Two years ago, Carla Guggenheim, DO, a rheumatologist in private practice in Lansing, Mich., was recovering from extensive shoulder surgery when her dance teacher asked her to perform a complex Indian piece from the Bharatanatyam Repertory at a gala showcasing graduate dance students.
Because of her surgery, Dr. Guggenheim agreed to dance only 90 seconds of a six-minute piece. However, when she arrived, her teacher asked her to perform the entire song. Dr. Guggenheim was still in pain and couldn’t even lift her hand above her shoulder. But somehow, the music carried her through and she managed to pull it off without any mistakes. The 600 people in the audience were thrilled.
(Editor’s note: Listen to Dr. Guggenheim tell this and other stories on our website: www.therheumatologist.org.)
In addition to her family, Dr. Guggenheim is passionate about the three loves in her life—medicine, dance, and tai chi or qi gong, and not necessarily in that order. For more than 50 years, the 69-year-old rheumatologist has woven all three into her lifestyle and vows to continue for as long as her body, mind and spirit will allow.
Dr. Guggenheim has been a professional dancer since she was 21 years old. Early on, she danced ballet with the Los Angeles Dance Theater and with the New York American Chamber Ballet. When she was in her late 30s, after teaching ballet at Sonoma State University in California for eight years, her marriage ended, leaving her with two children to financially support.
“I went to a friend saying, ‘I’ve got to do something, but don’t know what to do,’” she says. She loved science, so she mentioned she had completed general chemistry, physiology, calculus and related courses while in school “just for fun.” Her friend said, “he thought I should go to medical school since I got all A’s and because the only other premed course I needed to take was organic chemistry.”
Because she was particularly interested in the musculoskeletal system, she had planned to take osteopathic manipulative medicine at Michigan State University (MSU), but the program lost its funding. So she entered the school’s internal medicine program while also working on a master’s degree in biomechanics.
But her passion for internal medicine was lukewarm. Because of her ongoing interest in the musculoskeletal system, MSU’s director of internal medicine program—Patrick Alguire, MD—suggested she specialize in rheumatology. So she made one last change involving her medical education and, this time around, found renewed purpose and meaning.
Even during medical school, however, she would not forfeit her first love—dance—and taught and occasionally performed the Bharata Natyam in community theaters around the country and, later, in a few cities in India. She says the Bharata Natyam “embodies the depth and breadth of human emotion while maintaining complex polyrhythms”—where dancers lay one rhythm on top of another.
“After finals in medical school, people were going out and drinking,” says Dr. Guggenheim, who still dances in her home basement studio about twice a week. “I was going out and directing student performances.”
In 2009, when Dr. Guggenheim’s second husband, David, developed pulmonary emboli, the couple started tai chi and qi gong as a way for him to gently exercise.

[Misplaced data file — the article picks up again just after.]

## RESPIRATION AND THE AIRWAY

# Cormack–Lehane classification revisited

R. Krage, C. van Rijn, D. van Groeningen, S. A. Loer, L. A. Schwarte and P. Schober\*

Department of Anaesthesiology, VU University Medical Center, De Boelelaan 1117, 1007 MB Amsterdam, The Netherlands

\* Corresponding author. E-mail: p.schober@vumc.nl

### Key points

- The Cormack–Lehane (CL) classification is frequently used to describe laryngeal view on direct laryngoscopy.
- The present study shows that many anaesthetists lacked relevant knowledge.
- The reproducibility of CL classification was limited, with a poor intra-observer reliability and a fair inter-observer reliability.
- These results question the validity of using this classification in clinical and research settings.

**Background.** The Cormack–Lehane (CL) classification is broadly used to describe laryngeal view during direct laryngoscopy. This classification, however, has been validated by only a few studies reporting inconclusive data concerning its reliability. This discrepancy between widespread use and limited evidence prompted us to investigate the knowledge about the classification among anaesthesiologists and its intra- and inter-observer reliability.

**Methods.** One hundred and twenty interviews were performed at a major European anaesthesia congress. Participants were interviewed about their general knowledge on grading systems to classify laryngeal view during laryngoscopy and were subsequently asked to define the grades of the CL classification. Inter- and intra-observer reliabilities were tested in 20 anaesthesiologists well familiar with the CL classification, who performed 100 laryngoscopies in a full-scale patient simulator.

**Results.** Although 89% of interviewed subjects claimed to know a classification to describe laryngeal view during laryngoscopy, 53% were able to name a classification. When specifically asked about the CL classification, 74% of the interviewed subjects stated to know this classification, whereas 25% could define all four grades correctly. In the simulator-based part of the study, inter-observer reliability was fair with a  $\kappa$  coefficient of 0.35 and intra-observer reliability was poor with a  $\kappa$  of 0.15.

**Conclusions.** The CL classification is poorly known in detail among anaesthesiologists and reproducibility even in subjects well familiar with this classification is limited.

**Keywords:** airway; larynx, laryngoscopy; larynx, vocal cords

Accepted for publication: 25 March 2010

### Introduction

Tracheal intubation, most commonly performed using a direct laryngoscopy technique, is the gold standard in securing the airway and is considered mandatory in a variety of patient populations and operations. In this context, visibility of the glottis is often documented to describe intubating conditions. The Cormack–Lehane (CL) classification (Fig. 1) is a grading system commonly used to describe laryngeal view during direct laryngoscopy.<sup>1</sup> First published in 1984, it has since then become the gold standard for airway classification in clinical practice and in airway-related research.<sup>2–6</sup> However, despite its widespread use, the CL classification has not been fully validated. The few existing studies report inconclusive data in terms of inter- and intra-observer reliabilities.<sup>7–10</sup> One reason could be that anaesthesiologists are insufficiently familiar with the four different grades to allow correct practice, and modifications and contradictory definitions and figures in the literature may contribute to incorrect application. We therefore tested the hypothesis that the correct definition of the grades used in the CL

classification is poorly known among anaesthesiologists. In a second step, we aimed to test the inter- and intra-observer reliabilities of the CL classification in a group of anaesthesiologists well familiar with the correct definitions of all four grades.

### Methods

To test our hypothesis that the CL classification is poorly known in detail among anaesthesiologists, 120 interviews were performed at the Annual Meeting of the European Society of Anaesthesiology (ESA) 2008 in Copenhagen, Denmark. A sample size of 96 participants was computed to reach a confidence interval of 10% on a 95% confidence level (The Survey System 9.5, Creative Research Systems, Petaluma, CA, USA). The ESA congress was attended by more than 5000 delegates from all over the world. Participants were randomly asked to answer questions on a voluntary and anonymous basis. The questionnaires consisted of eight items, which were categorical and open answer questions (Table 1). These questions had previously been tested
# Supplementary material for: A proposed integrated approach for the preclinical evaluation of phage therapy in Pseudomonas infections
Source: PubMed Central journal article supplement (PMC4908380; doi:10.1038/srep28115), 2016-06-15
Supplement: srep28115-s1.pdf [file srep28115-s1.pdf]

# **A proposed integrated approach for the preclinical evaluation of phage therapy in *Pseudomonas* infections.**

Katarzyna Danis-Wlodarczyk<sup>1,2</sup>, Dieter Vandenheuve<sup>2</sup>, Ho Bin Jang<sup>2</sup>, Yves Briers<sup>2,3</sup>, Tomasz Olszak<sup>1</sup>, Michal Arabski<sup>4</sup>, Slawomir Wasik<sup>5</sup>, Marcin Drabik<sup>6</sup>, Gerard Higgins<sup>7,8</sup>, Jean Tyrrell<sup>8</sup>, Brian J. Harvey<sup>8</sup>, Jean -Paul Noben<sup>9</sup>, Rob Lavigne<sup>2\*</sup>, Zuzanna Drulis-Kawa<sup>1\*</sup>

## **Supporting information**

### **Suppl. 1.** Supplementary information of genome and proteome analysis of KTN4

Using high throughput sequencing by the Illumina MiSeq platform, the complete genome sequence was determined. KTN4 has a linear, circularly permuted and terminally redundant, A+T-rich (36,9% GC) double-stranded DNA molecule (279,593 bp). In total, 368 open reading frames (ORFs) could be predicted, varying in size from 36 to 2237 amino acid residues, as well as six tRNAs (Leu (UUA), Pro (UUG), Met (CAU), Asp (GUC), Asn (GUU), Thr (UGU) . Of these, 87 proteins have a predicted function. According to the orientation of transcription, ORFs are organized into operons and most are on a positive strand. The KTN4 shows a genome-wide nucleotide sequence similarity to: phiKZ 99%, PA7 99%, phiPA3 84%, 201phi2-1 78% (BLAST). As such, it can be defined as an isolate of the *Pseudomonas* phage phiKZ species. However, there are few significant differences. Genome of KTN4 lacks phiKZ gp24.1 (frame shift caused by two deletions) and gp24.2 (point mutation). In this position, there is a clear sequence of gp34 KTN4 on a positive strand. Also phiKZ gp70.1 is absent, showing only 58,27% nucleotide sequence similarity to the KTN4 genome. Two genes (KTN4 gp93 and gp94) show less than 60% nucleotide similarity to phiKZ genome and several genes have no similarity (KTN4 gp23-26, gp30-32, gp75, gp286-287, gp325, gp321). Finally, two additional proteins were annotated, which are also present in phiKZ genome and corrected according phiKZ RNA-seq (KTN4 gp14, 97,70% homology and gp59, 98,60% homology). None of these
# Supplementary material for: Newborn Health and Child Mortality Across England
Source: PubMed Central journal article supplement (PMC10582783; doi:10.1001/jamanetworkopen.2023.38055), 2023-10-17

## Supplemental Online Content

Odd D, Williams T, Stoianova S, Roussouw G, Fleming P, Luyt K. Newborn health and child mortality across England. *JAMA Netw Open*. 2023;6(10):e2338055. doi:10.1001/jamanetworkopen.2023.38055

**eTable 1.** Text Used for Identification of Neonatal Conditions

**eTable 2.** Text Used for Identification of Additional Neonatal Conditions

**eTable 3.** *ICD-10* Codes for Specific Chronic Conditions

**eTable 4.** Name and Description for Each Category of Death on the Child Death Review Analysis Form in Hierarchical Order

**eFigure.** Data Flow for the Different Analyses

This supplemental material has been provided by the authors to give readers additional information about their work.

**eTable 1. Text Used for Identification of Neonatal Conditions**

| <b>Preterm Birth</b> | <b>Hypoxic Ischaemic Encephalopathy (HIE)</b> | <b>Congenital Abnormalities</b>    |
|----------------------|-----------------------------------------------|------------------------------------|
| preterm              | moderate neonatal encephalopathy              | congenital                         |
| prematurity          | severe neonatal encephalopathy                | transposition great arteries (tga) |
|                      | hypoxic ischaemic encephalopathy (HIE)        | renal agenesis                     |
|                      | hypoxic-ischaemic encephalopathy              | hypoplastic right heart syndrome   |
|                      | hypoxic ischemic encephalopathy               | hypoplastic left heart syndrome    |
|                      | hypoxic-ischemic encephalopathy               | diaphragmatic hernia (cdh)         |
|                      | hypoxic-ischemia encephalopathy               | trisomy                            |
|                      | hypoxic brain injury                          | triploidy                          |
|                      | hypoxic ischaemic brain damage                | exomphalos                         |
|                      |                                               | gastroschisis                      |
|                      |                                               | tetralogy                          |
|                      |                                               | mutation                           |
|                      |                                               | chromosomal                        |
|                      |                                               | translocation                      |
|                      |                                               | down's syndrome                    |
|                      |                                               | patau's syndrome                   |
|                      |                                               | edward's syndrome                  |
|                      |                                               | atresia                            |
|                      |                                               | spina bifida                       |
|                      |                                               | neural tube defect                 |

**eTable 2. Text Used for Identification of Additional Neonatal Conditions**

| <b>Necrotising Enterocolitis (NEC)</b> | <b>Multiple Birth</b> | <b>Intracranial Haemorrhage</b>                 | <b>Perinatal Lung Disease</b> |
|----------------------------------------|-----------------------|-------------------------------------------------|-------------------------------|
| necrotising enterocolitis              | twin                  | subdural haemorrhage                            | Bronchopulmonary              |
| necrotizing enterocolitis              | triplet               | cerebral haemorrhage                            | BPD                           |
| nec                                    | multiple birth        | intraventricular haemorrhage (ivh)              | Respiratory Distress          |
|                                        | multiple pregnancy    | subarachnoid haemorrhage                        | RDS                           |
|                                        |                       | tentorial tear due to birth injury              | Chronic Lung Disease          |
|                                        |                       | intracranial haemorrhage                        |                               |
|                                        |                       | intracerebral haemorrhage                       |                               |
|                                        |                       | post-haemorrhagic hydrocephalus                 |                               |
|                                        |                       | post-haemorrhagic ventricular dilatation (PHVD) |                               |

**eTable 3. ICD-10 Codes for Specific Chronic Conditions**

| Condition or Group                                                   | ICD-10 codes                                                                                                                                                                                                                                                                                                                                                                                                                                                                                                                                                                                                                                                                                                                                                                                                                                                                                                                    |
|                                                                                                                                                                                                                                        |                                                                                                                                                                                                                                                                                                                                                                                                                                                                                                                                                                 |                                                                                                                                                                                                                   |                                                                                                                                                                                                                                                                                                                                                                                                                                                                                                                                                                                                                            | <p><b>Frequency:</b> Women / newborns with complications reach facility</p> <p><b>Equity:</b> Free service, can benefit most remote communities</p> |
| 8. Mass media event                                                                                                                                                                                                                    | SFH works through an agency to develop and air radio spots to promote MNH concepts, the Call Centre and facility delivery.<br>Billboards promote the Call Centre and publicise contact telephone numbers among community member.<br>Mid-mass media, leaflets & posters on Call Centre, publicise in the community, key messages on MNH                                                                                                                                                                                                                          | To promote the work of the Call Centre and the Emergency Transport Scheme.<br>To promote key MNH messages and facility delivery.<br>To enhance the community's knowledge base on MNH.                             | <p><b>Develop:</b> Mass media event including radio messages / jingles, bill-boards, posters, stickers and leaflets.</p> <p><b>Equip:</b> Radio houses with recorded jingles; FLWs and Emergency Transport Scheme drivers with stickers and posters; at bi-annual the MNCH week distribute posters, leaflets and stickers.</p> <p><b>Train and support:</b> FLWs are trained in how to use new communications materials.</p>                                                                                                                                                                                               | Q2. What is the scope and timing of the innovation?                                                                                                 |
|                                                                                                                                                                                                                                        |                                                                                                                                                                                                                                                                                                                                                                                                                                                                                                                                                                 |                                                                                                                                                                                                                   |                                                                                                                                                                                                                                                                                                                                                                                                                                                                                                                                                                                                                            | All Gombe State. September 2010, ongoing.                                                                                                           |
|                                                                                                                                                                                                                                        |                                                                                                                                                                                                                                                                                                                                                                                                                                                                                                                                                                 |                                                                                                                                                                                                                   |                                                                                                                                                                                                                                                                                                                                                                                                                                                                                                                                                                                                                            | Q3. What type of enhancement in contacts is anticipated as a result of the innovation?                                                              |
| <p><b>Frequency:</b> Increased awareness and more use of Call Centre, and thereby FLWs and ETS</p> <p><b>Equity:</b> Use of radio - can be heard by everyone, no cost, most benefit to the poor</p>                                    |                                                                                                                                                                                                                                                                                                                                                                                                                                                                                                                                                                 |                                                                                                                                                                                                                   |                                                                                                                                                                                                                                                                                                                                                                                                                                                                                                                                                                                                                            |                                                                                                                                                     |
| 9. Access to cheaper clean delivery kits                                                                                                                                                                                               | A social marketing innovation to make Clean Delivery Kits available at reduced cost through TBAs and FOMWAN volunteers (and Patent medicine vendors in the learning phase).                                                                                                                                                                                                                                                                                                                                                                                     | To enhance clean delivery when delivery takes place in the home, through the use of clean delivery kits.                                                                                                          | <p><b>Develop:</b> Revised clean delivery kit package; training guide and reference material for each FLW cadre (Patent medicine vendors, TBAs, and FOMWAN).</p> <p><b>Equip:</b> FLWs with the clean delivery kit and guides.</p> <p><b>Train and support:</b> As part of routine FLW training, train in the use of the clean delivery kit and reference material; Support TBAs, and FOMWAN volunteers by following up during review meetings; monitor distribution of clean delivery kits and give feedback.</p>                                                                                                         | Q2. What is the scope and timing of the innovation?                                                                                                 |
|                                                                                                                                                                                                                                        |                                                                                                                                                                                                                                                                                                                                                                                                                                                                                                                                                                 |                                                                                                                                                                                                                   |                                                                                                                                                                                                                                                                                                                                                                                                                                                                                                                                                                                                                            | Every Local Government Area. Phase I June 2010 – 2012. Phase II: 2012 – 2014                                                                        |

Both styles coordinate posture, movement, breathing and meditation. They are infinitely deep, engaging, powerful and calming techniques, she says.
“I love to move,” says Dr. Guggenheim. “Qigong calms me down and helps me empathize with others.”
She explains that tai chi movements lubricate every joint in your body by gently compressing the articular cartilage surfaces. “So for joint health, it’s just amazing,” she says. So much so that Dr. Guggenheim encourages most of her patients to enroll in tai chi classes. She also teaches them a few basic movements, such as Cloud Hands—repetitive, meditative hand and body movements they can easily perform at home. She says the movements are simple to learn and can be immensely helpful for breathing, balance and mobility.
She and her husband also teach weekly qigong classes in their home dance studio and Dr. Guggenheim’s tai chi club members trade off every week teaching each other.
“Tai chi is really complex,” she adds. “It engages your mind. You can’t think about anything else. It’s so focused, so engaging and so meditative.”
Dr. Guggenheim readily admits she is a woman of passion and suggests other rheumatologists discover their own passions and pursue them.
She says the most interesting observations that have been made about her have come from her residents: “They told me, ‘You’re the only happy physician we know.’”
Carol Patton is a freelance writer based in Las Vegas.
1988: Received her degree from Des Moines University College of Osteopathic Medicine
1988–1989: Performed her rotating internship at Ingham Regional Medical Hospital, now called McLaren Greater Lansing Hospital
1989–1992: Performed her residency in internal medicine at Michigan State University College of Human Medicine, a community-based program
1992–1994: Did a rheumatology fellowship at the University of Iowa
1994–1998: Served on the staff at the University of Iowa, Rheumatology Department
1998–1999: Practiced as a rheumatologist in Santa Fe, N.M.
1999–2000: Practiced as a rheumatologist in multi-specialty group in Lansing, Mich.
2000–current: Launched Arthritis Care, a private practice in Lansing, Mich., which now resides in a 102-year-old schoolhouse Dr. Guggenheim refurbished between 2008 and 2009